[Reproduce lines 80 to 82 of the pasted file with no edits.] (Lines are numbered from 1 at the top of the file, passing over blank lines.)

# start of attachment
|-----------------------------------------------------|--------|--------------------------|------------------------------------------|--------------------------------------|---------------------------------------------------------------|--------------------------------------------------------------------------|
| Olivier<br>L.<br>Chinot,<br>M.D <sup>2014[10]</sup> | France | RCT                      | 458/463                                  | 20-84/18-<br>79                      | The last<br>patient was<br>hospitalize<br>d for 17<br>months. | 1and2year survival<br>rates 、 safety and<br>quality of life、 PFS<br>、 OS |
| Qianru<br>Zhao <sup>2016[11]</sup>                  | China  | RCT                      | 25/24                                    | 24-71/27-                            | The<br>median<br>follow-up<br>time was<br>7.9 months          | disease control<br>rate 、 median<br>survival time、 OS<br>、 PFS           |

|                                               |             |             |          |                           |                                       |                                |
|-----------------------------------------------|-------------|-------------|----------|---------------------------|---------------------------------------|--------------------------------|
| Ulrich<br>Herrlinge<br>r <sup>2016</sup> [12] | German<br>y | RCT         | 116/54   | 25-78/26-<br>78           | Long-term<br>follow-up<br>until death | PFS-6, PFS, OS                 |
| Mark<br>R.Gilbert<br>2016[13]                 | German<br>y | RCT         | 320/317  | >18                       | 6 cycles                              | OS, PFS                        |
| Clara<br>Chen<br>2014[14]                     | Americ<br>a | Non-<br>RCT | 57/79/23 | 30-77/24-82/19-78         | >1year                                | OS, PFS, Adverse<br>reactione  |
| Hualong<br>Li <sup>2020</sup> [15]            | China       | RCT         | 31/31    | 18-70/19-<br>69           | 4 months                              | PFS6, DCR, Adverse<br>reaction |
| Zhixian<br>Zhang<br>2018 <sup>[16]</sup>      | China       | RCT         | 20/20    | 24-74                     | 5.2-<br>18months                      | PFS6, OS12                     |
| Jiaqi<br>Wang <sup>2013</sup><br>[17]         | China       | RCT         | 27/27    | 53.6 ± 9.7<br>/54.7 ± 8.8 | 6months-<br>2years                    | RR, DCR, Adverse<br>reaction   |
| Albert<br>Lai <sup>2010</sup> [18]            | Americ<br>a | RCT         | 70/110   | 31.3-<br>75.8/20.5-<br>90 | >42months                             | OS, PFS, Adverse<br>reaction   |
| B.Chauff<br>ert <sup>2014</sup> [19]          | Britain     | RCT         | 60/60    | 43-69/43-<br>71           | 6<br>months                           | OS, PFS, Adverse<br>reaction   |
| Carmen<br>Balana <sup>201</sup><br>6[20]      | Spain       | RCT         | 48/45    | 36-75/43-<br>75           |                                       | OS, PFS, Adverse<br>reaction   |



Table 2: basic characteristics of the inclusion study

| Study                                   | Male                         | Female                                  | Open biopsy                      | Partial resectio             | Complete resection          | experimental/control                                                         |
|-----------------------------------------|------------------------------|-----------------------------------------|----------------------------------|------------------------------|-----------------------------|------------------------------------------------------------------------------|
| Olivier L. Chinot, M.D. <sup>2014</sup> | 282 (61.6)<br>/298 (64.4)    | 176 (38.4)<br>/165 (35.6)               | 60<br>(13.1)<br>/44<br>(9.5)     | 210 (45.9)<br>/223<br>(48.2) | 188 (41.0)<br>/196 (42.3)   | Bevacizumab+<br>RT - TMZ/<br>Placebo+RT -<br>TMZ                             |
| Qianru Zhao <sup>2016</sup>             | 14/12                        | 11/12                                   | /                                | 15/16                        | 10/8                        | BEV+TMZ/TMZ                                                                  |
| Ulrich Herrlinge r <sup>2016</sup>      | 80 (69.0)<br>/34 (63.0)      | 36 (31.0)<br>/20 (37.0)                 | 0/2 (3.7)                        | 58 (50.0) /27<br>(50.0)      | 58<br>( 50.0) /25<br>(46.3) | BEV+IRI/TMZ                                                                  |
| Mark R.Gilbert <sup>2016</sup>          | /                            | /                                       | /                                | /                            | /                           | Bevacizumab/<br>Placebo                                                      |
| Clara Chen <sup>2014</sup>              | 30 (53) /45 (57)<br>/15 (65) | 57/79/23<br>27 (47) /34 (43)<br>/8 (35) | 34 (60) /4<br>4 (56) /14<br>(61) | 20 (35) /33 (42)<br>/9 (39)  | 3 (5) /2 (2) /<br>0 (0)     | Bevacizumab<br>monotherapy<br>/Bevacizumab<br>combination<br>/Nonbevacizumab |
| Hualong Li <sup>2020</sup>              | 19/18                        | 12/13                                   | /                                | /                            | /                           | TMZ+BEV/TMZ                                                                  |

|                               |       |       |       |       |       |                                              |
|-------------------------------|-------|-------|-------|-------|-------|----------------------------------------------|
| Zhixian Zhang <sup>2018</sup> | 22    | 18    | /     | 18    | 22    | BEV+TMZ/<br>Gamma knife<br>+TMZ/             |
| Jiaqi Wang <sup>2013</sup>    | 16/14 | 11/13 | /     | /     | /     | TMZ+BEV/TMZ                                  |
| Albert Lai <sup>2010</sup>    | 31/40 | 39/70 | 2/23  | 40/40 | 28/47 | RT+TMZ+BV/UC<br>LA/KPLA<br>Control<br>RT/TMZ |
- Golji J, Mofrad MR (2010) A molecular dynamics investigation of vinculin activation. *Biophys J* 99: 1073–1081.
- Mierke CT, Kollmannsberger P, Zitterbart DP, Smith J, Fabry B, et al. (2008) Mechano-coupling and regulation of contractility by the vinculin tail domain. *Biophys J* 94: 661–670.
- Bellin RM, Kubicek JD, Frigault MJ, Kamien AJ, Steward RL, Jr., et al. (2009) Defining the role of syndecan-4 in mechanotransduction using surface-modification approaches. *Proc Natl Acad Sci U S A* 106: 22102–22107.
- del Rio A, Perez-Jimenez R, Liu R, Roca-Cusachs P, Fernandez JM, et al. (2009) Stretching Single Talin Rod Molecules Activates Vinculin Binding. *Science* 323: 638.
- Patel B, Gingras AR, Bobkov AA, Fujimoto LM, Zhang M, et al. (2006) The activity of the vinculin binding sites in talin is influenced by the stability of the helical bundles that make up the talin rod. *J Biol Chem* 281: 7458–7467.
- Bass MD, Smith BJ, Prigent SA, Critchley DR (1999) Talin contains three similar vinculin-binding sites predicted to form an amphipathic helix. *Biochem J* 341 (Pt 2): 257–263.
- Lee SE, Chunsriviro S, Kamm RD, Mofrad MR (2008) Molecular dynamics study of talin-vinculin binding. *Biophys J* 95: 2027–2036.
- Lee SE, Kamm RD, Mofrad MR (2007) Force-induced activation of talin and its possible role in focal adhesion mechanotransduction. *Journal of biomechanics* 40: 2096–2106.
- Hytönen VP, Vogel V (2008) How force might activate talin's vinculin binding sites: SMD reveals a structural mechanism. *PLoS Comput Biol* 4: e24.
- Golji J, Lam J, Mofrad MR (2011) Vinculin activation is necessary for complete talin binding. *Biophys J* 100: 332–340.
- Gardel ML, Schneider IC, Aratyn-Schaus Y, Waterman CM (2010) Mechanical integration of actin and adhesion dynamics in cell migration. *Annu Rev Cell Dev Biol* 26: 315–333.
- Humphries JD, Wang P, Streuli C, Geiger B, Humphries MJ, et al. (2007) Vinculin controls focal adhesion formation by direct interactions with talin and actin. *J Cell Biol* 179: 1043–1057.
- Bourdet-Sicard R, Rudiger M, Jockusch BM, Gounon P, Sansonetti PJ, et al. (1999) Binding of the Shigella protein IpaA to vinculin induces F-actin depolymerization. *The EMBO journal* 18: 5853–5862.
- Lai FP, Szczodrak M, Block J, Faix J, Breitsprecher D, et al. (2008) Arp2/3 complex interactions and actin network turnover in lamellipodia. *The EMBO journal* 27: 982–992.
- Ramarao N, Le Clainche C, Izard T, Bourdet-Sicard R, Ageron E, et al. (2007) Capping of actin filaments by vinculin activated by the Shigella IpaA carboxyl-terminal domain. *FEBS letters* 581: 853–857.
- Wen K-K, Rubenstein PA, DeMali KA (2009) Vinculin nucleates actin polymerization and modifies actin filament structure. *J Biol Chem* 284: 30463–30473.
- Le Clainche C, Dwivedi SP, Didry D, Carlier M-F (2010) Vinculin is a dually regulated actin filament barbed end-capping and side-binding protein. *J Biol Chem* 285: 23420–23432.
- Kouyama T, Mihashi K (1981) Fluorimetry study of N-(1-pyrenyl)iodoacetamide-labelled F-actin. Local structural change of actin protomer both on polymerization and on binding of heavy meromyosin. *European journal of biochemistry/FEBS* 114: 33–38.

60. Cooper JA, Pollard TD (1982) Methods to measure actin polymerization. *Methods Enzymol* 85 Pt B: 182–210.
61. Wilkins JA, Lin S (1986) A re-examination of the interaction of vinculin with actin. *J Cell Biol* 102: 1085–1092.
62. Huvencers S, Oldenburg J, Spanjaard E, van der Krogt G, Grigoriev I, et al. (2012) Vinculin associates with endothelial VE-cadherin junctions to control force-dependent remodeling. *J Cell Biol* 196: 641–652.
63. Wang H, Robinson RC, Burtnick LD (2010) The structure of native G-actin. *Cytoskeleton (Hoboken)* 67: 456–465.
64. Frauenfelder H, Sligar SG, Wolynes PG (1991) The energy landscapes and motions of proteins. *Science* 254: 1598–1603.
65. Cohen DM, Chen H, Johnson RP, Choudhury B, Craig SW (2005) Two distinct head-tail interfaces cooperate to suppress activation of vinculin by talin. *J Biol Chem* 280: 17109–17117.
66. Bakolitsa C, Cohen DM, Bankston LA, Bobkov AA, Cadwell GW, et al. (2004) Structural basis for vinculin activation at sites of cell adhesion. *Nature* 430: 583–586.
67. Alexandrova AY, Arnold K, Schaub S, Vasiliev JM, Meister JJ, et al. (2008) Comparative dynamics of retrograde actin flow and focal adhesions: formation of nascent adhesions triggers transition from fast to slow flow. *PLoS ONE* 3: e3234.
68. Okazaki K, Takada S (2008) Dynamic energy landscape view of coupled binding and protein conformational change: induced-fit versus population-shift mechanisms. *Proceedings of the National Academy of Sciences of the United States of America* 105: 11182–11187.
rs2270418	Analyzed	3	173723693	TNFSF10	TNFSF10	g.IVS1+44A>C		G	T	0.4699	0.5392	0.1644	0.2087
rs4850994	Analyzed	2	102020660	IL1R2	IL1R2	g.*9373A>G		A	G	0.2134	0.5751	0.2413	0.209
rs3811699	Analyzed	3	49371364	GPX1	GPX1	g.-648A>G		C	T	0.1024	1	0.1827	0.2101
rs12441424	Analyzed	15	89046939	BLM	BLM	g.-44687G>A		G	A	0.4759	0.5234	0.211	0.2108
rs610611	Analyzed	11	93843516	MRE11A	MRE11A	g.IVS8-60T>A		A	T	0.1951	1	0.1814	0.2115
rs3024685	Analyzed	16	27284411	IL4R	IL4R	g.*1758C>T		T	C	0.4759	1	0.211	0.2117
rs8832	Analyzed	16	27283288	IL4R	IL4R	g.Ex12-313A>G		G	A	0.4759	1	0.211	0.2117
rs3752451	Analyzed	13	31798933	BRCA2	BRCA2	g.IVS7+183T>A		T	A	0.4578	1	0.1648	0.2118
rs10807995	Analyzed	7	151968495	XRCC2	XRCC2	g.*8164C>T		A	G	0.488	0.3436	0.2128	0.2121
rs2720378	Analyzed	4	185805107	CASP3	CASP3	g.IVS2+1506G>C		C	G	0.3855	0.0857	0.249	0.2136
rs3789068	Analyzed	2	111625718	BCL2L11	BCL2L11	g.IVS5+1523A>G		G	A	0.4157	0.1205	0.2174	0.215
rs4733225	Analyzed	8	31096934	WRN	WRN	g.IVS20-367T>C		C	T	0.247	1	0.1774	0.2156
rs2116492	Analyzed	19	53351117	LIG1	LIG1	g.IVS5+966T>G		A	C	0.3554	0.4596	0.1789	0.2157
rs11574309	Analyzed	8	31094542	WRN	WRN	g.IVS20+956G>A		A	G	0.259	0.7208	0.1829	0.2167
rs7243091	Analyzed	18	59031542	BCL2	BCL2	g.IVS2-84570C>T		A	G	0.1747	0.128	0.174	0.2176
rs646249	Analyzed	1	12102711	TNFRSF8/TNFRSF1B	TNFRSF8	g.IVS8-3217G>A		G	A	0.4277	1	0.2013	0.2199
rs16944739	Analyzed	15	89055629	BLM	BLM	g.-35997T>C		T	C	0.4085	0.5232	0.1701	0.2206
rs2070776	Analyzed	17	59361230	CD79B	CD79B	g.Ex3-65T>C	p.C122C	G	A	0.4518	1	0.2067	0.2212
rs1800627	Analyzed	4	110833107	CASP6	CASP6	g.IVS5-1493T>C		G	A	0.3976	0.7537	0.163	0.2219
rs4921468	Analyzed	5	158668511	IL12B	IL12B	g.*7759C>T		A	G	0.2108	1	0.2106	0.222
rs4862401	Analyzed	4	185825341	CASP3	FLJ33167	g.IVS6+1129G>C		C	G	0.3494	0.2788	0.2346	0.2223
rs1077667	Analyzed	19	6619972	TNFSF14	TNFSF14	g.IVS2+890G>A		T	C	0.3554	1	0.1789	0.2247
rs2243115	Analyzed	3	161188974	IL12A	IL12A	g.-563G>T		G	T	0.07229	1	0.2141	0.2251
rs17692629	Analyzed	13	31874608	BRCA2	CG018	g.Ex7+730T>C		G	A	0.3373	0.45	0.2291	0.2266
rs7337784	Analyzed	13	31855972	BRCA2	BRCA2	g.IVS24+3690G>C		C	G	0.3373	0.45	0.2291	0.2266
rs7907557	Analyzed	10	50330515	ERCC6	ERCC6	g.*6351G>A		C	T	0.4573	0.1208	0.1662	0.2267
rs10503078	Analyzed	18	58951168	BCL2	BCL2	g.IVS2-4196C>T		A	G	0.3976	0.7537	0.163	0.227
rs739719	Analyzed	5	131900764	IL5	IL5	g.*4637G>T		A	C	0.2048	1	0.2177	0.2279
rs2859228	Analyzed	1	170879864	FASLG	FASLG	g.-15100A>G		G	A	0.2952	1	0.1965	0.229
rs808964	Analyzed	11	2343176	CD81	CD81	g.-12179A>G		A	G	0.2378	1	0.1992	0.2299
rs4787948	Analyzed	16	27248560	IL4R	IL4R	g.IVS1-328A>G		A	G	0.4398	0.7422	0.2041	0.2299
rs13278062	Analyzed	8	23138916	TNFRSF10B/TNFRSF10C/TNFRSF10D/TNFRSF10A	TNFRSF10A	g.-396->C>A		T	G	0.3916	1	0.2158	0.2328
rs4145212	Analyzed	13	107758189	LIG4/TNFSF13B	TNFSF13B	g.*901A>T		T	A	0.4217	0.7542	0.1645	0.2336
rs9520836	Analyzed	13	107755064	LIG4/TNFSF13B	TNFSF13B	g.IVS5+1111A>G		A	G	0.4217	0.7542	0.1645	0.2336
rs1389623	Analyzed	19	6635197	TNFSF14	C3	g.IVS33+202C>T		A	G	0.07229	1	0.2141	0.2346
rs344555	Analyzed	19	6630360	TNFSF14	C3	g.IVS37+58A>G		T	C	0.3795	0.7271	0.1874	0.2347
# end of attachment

rs7337784	Analyzed	13	31855972	BRCA2	BRCA2	g.IVS24+3690G>C		C	G	0.3373	0.45	0.2291	0.2266
rs7907557	Analyzed	10	50330515	ERCC6	ERCC6	g.*6351G>A		C	T	0.4573	0.1208	0.1662	0.2267
rs10503078	Analyzed	18	58951168	BCL2	BCL2	g.IVS2-4196C>T		A	G	0.3976	0.7537	0.163	0.227